What you need:
5 or 6 oz piece of cooked wild salmon filet. You want to flake this salmon filet and then mix with
½ teaspoon of wasabi paste and 1 tablespoon of Japanese Mayonnaise (a lot like making tuna salad for sandwiches)
5 cups of freshly cooked seasoned sushi rice
6 small sheets of toasted nori
1 ripe avocado, cut into thin sticks
4 inch piece of cucumber cut into thin sticks
4 inch piece of Japanese pickled daikon cut into thin sticks

Now, let’s roll…
Put a sheet of nori shiny side down on a rolling mat (covered with plastic wrap for easy cleaning). Using wet hands (put a bowl of water next to you), spread about ¾ cup of rice in an even layer on the nori. Cover the entire nori with rice. Gently turn it over. You will fill the “nori” side with your other ingredients.
Spread a thin line of a tablespoon of the salmon-mayo mix on the nori (the side that's closest to you). Put a line of avocado sticks on top of the salmon and then lay a line of cucumber sticks next to the avocado. Lastly put a line of pickled daikon next to avocado. You get the picture.
Roll the sushi, starting at the end where the ingredients are, and tucking the end of the nori. Squeeze gently and keep rolling until you end up with a finished roll. Repeat the process until you run out of ingredients.
Cut it into even bite size pieces with a wet and a super sharp knife. Arrange them on a plate and serve with soy sauce and pickled ginger.
I hope you enjoyed that recipe. Honto ni arigato gozaimas (thank you very much)!

Sunday, October 12, 2008

Now this is my cup of tea...

I love making homemade ice cream with exotic flavors like saffron or thai tea. Thai tea or “cha yen” is a strong black tea flavored with one of my favorite spices, star anise. It’s great with sweetened condensed milk and if you were me, lots of cream and sugar. Why not take it a step further and make ice cream out of thai iced tea? Here is my recipe for a French custard based ice cream infused with thai tea!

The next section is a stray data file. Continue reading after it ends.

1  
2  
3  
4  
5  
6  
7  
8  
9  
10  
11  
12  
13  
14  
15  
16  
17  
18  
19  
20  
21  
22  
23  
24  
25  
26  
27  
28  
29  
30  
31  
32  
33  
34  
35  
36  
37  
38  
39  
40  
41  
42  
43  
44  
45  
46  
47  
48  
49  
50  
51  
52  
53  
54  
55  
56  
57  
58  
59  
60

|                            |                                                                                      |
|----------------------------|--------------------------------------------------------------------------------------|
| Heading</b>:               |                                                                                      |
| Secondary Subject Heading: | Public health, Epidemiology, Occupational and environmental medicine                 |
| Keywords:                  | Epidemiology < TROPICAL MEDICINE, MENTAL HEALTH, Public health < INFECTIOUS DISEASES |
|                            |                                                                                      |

2 cups whole milk
2 cups heavy cream
4 thai tea bags (fill large tea filters with 3-4 teaspoons of thai tea and tie tea filters with a tight knot).
2 large eggs
4 large egg yolks
1 and ¼ cups of sugar
¾ cup roasted cashews(optional)

Combine milk and cream in a saucier or heavy duty sauce pan. Add tea bags and allow to steep. Bring to a slow boil over medium heat, reduce the heat to low and simmer for 30 minutes, stirring occasionally. Combine eggs, egg yolks and sugar in a medium bowl. Use an automatic hand mixer to beat eggs, egg yolks and sugar for a couple of minutes. Temper the egg mixture by pouring out one cup of the hot liquid into the egg and sugar mixture. With the mixer on low speed, add the cup of hot milk and cream in a slow steady stream. When thoroughly combined, pour the egg mixture back into the saucepan and stir to combine. Cook gently and constantly for about 4 minutes. Don’t leave this unattended or you will end up with scrambled eggs in your ice cream. Transfer to a bowl and chill completely(tea bags included). Cover with plastic wrap. Making great ice cream is a two day process so allow for flavors to marry for at least 12 hours. Take tea bags out of the custard mix before making into ice cream. Add cashews or your favorite nut into the custard mix for a crunchy texture. Freeze according to the manufacturer's directions. I use a Cuisinart Automatic Ice Cream maker. It's great for making sorbets and homemade ice cream. Transfer to a covered plastic container and put in the freezer for a couple of hours before eating.